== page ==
Turns out a plant-based diet can make you stronger, faster, and ever more powerful than you might think.
Eating a rainbow of fruits and vegetables has increasingly become synonymous with healthy eating. Even still, for many living a fit, active lifestyle, lean animal-based protein and dairy are also a consistent part of a nutrient-rich diet. But in recent years, even the most active athletes from fitness competitors to professional football players are adopting a vegan lifestyle.
“The new version of Canada’s Food Guide has more choices for plant-based diets,” says Pamela Ferguson, a Vancouver-based registered dietitian specializing in plant-based nutrition. “It’s friendlier to the environment and overall people want to make better, more ethical choices,” says Ferguson.
And while you may not want to eliminate fresh fish or grilled chicken entirely from your diet just yet, there are some real benefits to be had by adopting a vegan diet, even if it is only one day or one meal each week. But before you do anything, we checked in with a registered dietitian and plant-based nutritionist for her best tips and advice for helping you make the switch as smooth and seamless as possible.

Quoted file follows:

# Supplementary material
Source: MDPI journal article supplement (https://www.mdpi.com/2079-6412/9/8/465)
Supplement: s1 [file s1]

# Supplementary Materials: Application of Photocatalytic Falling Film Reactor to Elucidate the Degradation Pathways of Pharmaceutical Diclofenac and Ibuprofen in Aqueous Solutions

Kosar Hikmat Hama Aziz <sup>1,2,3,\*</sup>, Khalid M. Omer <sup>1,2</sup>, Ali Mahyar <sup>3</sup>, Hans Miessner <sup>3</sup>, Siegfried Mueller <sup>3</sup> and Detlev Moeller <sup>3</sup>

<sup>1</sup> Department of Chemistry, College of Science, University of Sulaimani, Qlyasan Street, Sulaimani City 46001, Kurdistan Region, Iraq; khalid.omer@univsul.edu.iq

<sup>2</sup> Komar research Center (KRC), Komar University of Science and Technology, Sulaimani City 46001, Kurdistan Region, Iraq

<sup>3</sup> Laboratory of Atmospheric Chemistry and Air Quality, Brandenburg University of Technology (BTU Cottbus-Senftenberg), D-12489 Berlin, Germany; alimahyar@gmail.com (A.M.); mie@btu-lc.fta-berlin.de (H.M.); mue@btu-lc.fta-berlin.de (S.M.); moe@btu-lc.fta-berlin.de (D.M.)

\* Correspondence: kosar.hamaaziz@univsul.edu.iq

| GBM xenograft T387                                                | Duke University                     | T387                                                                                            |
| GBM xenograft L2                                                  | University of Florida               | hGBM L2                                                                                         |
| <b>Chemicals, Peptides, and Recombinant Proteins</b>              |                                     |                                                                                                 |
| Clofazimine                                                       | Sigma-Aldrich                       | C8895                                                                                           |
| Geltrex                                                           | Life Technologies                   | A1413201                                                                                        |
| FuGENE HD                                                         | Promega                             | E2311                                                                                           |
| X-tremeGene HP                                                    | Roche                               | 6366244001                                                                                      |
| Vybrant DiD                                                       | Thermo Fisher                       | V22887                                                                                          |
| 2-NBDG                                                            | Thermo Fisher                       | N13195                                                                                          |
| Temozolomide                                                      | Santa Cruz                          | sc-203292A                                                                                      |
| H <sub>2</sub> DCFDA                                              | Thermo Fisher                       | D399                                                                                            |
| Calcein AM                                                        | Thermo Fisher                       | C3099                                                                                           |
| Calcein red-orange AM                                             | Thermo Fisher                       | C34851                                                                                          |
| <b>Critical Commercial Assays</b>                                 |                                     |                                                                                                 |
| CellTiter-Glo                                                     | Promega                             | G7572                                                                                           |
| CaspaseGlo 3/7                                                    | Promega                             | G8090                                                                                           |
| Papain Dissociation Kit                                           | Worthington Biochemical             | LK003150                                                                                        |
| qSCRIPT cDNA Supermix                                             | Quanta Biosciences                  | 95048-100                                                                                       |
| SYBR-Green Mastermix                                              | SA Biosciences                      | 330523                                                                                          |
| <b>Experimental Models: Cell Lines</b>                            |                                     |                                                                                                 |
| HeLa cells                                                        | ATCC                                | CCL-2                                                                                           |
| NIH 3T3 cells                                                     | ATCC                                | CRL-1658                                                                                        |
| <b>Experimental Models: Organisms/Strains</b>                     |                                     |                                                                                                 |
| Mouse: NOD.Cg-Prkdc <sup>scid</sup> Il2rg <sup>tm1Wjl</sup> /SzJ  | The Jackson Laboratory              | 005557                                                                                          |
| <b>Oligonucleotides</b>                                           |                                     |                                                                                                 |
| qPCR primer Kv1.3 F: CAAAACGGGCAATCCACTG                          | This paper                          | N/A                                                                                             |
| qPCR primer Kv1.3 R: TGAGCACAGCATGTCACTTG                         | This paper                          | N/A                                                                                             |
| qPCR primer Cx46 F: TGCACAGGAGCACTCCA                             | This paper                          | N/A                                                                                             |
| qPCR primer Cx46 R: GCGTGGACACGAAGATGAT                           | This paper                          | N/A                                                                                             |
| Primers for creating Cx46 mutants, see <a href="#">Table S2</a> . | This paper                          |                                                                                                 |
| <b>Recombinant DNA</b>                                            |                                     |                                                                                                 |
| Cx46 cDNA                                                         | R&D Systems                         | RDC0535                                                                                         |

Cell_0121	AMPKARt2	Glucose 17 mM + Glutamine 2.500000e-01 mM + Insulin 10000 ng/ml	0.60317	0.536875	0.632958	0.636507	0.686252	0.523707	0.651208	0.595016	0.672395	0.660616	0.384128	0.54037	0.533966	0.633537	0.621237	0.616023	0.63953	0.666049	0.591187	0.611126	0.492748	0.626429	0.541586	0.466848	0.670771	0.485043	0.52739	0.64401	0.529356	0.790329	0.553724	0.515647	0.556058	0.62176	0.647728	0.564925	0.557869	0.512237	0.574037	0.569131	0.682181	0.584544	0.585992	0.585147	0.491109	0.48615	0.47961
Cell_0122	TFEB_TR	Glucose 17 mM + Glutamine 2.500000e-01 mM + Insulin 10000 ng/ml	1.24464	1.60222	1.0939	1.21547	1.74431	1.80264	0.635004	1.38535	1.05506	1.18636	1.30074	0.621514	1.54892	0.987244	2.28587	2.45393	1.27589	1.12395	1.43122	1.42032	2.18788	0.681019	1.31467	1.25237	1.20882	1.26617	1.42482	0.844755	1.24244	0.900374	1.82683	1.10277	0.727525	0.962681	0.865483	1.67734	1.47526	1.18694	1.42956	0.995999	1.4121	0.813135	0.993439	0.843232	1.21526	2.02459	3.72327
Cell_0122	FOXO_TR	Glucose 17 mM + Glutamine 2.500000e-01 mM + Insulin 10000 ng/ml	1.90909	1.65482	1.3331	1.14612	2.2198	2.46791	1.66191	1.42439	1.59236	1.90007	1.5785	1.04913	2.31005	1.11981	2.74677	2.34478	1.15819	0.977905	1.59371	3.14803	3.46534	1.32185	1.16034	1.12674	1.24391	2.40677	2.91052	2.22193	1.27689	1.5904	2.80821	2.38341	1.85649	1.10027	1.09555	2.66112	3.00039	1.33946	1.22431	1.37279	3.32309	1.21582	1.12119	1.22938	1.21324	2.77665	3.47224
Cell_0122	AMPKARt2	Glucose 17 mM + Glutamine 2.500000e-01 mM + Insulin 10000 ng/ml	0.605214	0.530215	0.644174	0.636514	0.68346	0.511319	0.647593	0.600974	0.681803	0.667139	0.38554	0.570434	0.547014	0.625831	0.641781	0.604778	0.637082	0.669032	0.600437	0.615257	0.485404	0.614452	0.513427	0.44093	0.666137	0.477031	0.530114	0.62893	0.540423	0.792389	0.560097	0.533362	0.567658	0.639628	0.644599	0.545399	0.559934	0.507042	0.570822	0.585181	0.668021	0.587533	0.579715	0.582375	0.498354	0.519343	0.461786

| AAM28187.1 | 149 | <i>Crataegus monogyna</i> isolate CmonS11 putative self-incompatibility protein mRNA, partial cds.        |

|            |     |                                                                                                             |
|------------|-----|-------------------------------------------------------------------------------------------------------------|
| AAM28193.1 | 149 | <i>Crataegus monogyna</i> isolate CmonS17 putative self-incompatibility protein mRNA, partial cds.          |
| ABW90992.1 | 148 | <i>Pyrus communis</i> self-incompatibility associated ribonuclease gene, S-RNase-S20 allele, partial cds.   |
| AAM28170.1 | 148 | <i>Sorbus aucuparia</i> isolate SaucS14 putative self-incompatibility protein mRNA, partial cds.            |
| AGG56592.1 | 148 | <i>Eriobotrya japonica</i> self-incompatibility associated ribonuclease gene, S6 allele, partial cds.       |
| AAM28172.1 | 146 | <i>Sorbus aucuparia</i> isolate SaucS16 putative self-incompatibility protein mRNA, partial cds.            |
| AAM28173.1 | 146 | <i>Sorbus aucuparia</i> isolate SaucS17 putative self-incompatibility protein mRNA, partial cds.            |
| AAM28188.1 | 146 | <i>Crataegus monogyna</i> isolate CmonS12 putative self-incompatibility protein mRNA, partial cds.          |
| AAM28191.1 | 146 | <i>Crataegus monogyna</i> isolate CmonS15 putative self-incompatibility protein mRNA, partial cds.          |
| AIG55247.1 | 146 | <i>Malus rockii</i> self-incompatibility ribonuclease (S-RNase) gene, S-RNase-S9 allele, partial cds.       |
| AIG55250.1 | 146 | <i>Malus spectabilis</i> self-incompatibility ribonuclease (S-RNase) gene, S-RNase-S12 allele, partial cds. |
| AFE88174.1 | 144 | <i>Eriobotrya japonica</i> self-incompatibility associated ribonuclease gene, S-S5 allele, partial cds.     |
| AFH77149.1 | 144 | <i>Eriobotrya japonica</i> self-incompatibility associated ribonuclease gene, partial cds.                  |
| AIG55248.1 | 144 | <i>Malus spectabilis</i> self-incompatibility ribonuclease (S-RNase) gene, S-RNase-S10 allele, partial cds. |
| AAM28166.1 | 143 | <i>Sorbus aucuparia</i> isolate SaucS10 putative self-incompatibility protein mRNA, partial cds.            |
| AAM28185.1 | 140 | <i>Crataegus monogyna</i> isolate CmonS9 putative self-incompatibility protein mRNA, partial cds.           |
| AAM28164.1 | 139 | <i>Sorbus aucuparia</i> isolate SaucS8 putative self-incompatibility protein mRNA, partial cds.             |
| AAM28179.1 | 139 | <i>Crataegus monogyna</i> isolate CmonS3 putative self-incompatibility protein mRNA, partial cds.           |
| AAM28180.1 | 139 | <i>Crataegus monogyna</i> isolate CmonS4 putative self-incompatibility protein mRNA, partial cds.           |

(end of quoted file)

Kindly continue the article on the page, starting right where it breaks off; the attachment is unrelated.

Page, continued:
For many people who are considering making the switch to a plant-based diet, one of the biggest changes they will find is the need for a higher caloric intake. Active people, especially women, need to be aware of the need for increasing their calories. When you think about it, most fruits and vegetables are not as calorie-dense as dairy, or lean meats including chicken or fish, so it just makes sense. “The caloric density of a plant-based diet is lower,” says Ferguson. As a result, she says active individuals especially may need to eat more frequently, with larger portions of fruits and vegetables, which are packed with nutrients.
PRO ADVICE: Advanced meal prep is important and when you’re planning a vegan dish, depending on your activity level that day, you’ll want to incorporate an additional serving, especially when it comes to foods including leafy greens, that are less calorie-dense.